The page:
How the US saw March 7 speech
Washington, March 13, 1971.
Subject: Situation in Pakistan
An immediate showdown between East and West Pakistan has been averted for the time being. The prospects for a reconciliation and settlement remain poor, however, and the basic elements of the situation remain essentially unchanged.
Situation in Perspective
President Yahya and the West Pakistani military appear determined to maintain a unified Pakistan by force if necessary. The replacement of the Military Governor in East Pakistan with a tougher man, the generally harsh tone of Yahya's March 6 speech and the explicit warning that force would be used against any move for separation are all indications in this direction. There is also evidence that the military forces in the East Wing are being gradually strengthened by troops being airlifted through Ceylon. Yahya may personally lean toward conciliation, but he must answer to the dominant hardliners in his army.
While East Pakistani leader Mujibur Rahman has stepped back a bit from a declaration of independence, the full text of his March 7 speech conveys a harsher tone than the initial summary reports, and it seems apparent that his retreat was tactical. He made clear that something very close to independence, i.e., "emancipation," is his goal and that his movement will not be deflected until that is achieved. Noteworthy also is the fact that Rahman quite openly took issue with Yahya, accusing him of "submitting to the declaration of a minority" [West Pakistan] and asserting that his own Awami League is the only legitimate source of authority in the country.
Our embassy in Islamabad believes that Rahman's goal remains unchanged—"emancipation" of East Pakistan from West Pakistani domination. This could still conceivably mean "full provincial autonomy" within a united Pakistan. But it is just as likely, if not more so, that Rahman has come to believe firmly that the freedom he seeks is only attainable by outright independence. His speech last Sunday would suggest an effort to achieve his goal by gradual assertion of power without risking a direct confrontation with the army that might follow a unilateral declaration of independence.
The other element in this delicate political equation—West Pakistani political leader Z.A. Bhutto—is for the moment remaining relatively quiet. Since triggering the current crisis in mid-February with his refusal to attend the constituent assembly, Bhutto has worked to consolidate further his support in the West Wing and at least to appear more conciliatory. Substantively, the differences between Bhutto and Rahman on the division of powers between the center and the provinces might be reconciled, or at least papered over, if a constituent assembly could be held. The bigger question, at this point, is whether either Bhutto or Rahman retain any genuine interest in cooperating toward settlement.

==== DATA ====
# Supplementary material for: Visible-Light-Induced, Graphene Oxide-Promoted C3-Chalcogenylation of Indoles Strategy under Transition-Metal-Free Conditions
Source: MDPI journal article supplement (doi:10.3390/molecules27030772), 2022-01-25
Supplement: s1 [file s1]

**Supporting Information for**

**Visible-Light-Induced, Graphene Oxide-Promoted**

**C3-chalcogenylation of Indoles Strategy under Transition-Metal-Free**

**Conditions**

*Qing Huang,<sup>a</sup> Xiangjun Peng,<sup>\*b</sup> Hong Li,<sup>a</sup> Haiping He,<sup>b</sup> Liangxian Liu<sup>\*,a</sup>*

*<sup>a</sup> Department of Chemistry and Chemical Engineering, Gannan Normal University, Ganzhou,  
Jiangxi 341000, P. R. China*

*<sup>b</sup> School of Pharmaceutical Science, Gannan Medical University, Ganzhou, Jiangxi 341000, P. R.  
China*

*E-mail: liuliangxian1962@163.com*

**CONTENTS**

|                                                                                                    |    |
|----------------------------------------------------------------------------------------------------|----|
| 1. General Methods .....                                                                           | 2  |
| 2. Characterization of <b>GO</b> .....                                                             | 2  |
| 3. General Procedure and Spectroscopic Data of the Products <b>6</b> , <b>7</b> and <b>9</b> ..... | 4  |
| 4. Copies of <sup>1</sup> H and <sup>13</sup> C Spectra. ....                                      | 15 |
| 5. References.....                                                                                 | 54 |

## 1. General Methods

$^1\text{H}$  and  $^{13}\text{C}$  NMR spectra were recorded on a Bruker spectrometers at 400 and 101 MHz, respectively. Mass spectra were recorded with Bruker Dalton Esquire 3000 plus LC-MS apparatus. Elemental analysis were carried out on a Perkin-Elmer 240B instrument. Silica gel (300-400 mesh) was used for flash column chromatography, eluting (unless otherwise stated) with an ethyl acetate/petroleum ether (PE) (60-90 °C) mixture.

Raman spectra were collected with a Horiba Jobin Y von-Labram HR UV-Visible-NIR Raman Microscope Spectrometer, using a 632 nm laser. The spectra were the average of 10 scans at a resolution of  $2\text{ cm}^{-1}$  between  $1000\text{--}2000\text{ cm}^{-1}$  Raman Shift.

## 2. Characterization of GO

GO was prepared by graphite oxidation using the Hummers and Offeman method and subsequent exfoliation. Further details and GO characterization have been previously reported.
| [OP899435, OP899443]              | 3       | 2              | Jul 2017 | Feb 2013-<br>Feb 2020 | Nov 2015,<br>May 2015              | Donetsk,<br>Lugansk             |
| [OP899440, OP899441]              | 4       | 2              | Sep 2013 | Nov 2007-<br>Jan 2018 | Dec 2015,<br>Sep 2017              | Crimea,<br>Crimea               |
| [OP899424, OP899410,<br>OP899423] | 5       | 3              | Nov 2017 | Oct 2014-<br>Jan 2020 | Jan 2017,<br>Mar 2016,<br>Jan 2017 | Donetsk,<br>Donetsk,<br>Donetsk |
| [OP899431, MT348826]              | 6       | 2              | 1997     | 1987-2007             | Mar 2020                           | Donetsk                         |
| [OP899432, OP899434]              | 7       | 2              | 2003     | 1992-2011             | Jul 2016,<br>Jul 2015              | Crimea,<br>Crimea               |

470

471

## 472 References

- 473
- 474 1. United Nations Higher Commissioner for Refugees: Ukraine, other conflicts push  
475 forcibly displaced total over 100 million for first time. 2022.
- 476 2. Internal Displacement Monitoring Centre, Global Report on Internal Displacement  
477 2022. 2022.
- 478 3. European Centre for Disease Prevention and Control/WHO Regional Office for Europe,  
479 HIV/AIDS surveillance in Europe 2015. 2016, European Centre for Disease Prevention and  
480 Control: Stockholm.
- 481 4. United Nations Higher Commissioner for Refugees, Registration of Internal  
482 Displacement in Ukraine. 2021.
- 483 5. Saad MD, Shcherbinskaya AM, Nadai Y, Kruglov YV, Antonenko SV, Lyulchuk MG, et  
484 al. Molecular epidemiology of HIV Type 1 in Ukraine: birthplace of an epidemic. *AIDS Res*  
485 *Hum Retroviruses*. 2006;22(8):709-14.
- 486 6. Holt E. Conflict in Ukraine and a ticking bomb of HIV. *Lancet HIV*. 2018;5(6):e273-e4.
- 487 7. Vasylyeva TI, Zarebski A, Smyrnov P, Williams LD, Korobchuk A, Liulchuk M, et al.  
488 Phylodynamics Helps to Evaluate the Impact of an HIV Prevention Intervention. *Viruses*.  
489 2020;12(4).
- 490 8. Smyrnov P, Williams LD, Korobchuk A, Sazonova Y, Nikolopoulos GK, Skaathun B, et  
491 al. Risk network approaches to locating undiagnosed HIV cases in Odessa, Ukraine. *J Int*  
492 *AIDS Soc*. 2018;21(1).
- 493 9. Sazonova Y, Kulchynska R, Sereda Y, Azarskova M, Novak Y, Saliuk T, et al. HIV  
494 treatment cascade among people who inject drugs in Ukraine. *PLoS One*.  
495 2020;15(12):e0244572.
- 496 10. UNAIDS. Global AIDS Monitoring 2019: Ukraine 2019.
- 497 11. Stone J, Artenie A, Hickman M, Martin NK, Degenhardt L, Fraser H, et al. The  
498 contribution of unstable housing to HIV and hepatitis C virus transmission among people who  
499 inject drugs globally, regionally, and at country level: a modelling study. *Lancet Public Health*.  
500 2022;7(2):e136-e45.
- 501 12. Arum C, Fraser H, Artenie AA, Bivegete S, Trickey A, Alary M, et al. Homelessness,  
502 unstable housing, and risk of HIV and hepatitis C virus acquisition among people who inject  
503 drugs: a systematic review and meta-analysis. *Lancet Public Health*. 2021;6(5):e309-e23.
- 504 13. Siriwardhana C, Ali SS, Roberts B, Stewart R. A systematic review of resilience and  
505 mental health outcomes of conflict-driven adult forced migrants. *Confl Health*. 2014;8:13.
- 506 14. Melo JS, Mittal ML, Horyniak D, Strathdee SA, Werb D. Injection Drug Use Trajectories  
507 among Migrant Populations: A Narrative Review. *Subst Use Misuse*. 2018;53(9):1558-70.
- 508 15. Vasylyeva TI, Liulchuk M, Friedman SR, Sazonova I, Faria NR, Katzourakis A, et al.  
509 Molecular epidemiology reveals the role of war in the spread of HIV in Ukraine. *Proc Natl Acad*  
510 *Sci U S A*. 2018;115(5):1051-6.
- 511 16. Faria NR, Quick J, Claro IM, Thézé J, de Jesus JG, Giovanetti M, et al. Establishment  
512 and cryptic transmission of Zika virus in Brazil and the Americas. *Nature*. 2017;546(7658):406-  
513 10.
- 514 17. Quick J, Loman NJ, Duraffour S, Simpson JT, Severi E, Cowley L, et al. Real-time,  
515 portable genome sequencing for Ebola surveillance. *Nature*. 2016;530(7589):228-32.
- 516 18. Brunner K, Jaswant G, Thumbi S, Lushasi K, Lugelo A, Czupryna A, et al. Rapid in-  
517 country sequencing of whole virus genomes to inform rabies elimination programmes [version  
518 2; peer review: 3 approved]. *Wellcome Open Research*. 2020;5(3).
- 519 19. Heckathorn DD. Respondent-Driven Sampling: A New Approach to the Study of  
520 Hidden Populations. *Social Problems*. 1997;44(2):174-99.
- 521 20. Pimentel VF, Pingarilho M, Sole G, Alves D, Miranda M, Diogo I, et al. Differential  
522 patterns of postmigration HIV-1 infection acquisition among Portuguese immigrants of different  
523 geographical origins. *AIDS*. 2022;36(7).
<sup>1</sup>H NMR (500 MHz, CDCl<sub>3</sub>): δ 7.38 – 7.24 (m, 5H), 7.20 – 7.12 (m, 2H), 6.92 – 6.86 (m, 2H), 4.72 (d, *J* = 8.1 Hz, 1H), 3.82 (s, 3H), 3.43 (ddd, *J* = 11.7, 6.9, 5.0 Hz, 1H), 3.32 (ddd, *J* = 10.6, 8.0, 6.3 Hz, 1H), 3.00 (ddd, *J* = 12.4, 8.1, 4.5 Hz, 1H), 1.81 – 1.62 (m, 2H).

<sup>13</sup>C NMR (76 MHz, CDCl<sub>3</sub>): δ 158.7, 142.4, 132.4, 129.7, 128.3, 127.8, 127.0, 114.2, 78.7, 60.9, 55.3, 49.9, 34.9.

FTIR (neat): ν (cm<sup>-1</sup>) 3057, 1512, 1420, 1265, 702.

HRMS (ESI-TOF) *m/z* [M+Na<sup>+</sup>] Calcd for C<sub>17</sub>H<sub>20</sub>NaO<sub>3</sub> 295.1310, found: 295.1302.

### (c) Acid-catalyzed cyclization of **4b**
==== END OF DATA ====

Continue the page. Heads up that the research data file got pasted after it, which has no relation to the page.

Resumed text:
The coming days should tell whether Yahya and the West Pakistani military decide there are still grounds for trying to work out a political solution that would insure the continued unity of Pakistan. Yahya reportedly is going to Dacca to meet with Rahman shortly.
The following would seem to be the most likely situations that could now develop:
Yahya could decide not to take Rahman's challenge lying down and to retaliate, perhaps to the extent of arresting Rahman and the other leaders, and attempting to clamp a military lid on East Pakistan. There are two basic problems here: (1) Rahman has embarked on a Gandhian-type non-violent non-cooperation campaign which makes it harder to justify repression; and (2) the West Pakistanis lack the military capacity to put down a full-scale revolt over a long period.
A static waiting game could develop with neither the army nor the civilians prepared to take a bold initiative to break the deadlock and each hoping the other will break first. This is where we are now and Rahman would probably prefer to continue like this for a while longer so that he can gradually take de facto control of East Pakistan without forcing a showdown.
There might be more tactical political moves by Yahya, Rahman or Bhutto designed to probe for areas of accommodation and buy more time without giving up anything. This has been the mode of operation so far but it may be that just about all of the possibilities in this sphere have been played out. In short, the Pakistan crisis is far from over and could suddenly flare up again. As you know, the Senior Review Group met last Saturday to consider the U.S. posture at this juncture. It was generally agreed that very little, if anything, could be gained by U.S. diplomatic intervention at this point and that the best posture was to remain inactive and do nothing that Yahya might find objectionable. The choice was basically between continuing on this course, at least until the situation jelled, and weighing in now with Yahya in an effort to prevent the possible outbreak of a bloody civil war. The case for inaction at this point is:
•It is not necessary for us to shift now to a more activist approach since Yahya knows we favor unity and is doing everything possible to achieve a political settlement.
•It is undesirable for us to intervene now since we could realistically have little influence on the situation and anything we might do could be resented by the West Pakistanis as unwarranted interference and jeopardize our future relations.
It should be pointed out that the main cost of following this approach is that it may jeopardize our future relations with East Pakistan if it becomes independent. On balance, however, it is a more defensible position to operate as if the country remains united than to take any move that would appear to encourage separation. I know you share that view.